Art by Kris Harper
“Voluntourist” is a relatively new term used to describe the pervasive culture in which privileged individuals travel to other countries for a humanitarian cause. “Voluntourist” and “voluntourism” are respective hybrids of the words “volunteer” and “tourist.” Voluntouring is a kind of global branch of volunteering in which a person travels a great distance as a tourist and often times pays a large sum of money in order to volunteer at a particular location.
Most often, such humanitarian causes in the voluntourist market are related to serving underprivileged individuals in popular voluntourist destinations like Africa, Thailand and Indonesia. Unlike traditional means of volunteering that would simply be done in one’s home town for free, voluntouring is distinct from volunteering because individuals are paying money to travel to foreign countries and volunteer. Some examples of voluntouring are perhaps vaguely reminiscent of the kind of college essay material and resume-padding that have become prevalent today, as students are pressured to show their humanitarian services to universities like Pepperdine and others. Recent endeavors by young voluntourists show a kind of youthful optimism about fixing the world’s problems that is in many ways admirable and necessary.
But in the voluntourists’ quest to pad their resumes and experience something life-changing, the question remains: Who are the voluntourists really trying to help, and are they really helping anyone?
One of the critiques of the voluntourist industry rests in the individuals’ desire to fix long-entrenched problems, such as poverty and hunger, as part of the white-savior industrial complex. The white-savior industrial complex, which was elaborated upon by Rafia Zakaria in her article titled “The White Tourist’s Burden,” published on April 21, 2014 on Al Jazeera America, is when individuals from Western cultures believe that they hold the remedy for alleviating global problems.
Some presume that the white-savior industrial complex stems from a reductive view of other nations’ problems. Simplifying complex problems like poverty, hunger, education and healthcare only reduces global problems to a jigsaw puzzle where Westerners hold the missing piece or answer to the puzzle. This simplification is discussed in an article by Ossob Mohamud for The Guardian published on Feb. 13, 2013, titled “Beware the voluntourists’ intent of doing good.” In the article, Mohamud writes that westerners often have a lack of knowledge about the country’s history and background.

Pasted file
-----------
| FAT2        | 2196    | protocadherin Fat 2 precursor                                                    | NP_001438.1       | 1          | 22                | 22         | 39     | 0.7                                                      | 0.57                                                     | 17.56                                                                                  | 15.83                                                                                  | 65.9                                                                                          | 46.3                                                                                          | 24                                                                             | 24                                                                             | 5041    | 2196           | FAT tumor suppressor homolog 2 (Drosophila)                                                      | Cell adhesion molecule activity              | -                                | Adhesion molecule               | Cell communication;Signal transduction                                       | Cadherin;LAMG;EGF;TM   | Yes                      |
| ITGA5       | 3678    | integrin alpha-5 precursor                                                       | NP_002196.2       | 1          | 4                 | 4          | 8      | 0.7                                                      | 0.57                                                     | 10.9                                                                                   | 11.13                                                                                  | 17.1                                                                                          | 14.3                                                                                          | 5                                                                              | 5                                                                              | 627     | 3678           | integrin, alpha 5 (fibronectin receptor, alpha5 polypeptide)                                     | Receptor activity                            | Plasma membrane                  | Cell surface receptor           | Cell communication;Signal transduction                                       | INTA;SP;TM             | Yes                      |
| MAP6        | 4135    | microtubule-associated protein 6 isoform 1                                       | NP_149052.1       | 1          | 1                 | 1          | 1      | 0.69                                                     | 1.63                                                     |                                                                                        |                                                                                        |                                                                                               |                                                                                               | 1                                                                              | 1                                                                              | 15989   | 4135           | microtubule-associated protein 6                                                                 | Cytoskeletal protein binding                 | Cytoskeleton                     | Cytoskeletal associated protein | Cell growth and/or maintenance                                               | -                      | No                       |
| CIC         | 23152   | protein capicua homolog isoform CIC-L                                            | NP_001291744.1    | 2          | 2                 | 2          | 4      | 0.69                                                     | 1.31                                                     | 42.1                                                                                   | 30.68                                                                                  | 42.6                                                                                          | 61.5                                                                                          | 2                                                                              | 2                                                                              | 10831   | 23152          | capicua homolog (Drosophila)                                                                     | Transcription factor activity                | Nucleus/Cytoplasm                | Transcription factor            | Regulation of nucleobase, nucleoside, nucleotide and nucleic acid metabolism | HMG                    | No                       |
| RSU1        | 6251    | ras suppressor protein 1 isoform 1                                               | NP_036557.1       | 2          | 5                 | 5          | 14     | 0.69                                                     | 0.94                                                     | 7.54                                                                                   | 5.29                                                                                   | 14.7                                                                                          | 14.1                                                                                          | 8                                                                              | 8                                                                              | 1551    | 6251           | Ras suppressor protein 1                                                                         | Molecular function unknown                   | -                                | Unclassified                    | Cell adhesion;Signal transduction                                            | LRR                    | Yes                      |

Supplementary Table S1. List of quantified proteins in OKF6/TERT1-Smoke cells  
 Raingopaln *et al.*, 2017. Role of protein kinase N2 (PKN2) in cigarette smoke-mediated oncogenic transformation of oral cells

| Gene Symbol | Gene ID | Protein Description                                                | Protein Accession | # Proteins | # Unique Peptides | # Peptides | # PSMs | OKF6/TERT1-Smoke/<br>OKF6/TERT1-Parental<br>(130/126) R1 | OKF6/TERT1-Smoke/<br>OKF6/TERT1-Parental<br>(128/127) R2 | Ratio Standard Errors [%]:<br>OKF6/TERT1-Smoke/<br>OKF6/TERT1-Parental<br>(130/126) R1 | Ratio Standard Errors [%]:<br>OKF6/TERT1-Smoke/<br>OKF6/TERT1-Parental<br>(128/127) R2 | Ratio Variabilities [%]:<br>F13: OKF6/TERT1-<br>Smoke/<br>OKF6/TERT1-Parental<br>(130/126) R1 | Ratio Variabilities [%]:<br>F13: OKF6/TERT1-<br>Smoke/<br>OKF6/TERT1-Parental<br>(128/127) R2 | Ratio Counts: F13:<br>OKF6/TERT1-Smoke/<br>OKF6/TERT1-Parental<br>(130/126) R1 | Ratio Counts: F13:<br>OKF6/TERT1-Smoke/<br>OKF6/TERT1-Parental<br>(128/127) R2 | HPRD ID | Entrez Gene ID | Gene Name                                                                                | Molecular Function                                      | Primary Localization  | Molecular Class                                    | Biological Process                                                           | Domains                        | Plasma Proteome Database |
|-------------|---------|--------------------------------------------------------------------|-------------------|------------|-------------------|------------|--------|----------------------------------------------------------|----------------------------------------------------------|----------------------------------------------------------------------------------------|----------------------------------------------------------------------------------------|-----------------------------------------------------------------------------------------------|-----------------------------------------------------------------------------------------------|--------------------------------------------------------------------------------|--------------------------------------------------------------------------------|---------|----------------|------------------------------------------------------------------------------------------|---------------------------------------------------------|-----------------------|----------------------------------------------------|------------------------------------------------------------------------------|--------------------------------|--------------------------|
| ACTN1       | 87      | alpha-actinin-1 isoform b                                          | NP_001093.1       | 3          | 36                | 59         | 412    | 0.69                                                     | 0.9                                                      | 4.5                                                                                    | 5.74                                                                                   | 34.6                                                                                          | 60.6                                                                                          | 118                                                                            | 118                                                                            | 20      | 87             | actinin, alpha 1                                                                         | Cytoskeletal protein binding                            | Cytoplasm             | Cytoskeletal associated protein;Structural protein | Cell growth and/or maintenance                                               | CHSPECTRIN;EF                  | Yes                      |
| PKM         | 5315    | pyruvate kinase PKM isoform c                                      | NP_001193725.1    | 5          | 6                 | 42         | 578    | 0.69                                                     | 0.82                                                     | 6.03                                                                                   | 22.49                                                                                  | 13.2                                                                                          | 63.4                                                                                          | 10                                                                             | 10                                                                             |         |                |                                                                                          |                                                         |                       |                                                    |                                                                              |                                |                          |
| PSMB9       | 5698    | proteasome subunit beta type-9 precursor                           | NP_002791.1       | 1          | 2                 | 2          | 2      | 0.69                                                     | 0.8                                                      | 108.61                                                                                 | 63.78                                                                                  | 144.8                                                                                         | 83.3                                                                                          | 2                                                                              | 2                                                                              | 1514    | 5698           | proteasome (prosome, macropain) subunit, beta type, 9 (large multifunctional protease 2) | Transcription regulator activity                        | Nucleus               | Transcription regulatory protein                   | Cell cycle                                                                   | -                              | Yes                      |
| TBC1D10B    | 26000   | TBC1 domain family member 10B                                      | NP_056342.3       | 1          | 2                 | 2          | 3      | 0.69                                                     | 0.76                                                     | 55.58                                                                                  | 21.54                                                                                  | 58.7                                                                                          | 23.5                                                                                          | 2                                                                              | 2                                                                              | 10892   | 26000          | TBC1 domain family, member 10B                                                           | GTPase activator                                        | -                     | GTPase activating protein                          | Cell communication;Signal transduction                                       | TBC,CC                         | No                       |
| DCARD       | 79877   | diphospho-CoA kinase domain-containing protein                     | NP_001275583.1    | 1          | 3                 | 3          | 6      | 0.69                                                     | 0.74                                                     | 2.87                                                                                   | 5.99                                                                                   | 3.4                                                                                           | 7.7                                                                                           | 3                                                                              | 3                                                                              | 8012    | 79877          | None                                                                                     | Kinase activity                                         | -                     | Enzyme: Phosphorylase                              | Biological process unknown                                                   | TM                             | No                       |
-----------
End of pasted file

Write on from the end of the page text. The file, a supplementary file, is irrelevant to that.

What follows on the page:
The desire to remedy global problems like those undertaken in voluntourist endeavors can be particularly strong here at Pepperdine. The school’s motto “Freely ye received, freely give” highlights how altruistic acts like volunteering are integral in fostering a community of awareness and compassion. However, students at Pepperdine and other universities must be wary of falling into the trap of voluntourism as a superficial and resume-building endeavor in their efforts to “freely give.”
However, while the voluntourist business may have its downfalls, and while self-interest can be at the heart of some of these volunteering endeavors, the voluntourism business should not be done away with in its entirety. Rather, as reflected in Zakaria’s article, individuals should work to improve the voluntourist business and promote cultural literacy. Then the relationship between the volunteer and the people they are helping can truly benefit both parties.
In order to further improve the voluntourist culture, we also must put our own motives and culture of inflated ambition into perspective. Voluntourism should be a start, but not an end, to an individual’s activism. We should seek better understanding of other cultures and continue to educate ourselves, so that our activism may be all encompassing in our thoughts and actions.
While we may find the heightened ambition of American youth to be amusing, and the voluntourist culture to be ridiculous, we shouldn’t be apathetic about issues that won’t fit themselves neatly onto a resume. More than we need LinkedIn, we need to be linked in to the world, together, to incite substantial change — change that does not have to be listed under any “Experience” section.
The volunteering or “voluntouring” industry can be transformed by recognizing its limitations. The industry can be revolutionized by having the individuals involved evaluate their own motivations, and kindle within themselves true and genuine interest and compassion about the causes in which they are involved.
Whether at Pepperdine or beyond, individuals must prod deeper than the superficiality of resumes and application essays to incite substantial change. Such substantial change may be implemented by engaging in volunteering at the local, rather than global level. Therefore, volunteering can remain just that, and not transform into the money making business of voluntouring.
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